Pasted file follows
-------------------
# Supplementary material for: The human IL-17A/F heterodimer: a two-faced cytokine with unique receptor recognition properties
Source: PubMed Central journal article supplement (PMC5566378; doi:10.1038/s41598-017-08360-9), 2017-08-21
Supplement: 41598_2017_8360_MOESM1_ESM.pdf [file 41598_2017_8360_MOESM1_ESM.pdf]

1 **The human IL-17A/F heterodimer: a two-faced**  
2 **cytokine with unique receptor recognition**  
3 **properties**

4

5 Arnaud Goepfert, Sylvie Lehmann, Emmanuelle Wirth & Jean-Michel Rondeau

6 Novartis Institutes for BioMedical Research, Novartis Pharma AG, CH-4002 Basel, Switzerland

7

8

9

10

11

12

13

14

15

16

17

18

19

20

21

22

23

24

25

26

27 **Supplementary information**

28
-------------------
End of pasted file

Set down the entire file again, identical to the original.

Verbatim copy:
# Supplementary material for: The human IL-17A/F heterodimer: a two-faced cytokine with unique receptor recognition properties
Source: PubMed Central journal article supplement (PMC5566378; doi:10.1038/s41598-017-08360-9), 2017-08-21
Supplement: 41598_2017_8360_MOESM1_ESM.pdf [file 41598_2017_8360_MOESM1_ESM.pdf]

1 **The human IL-17A/F heterodimer: a two-faced**  
2 **cytokine with unique receptor recognition**  
3 **properties**

4

5 Arnaud Goepfert, Sylvie Lehmann, Emmanuelle Wirth & Jean-Michel Rondeau

6 Novartis Institutes for BioMedical Research, Novartis Pharma AG, CH-4002 Basel, Switzerland

7

8

9

10

11

12

13

14

15

16

17

18

19

20

21

22

23

24

25

26

27 **Supplementary information**

28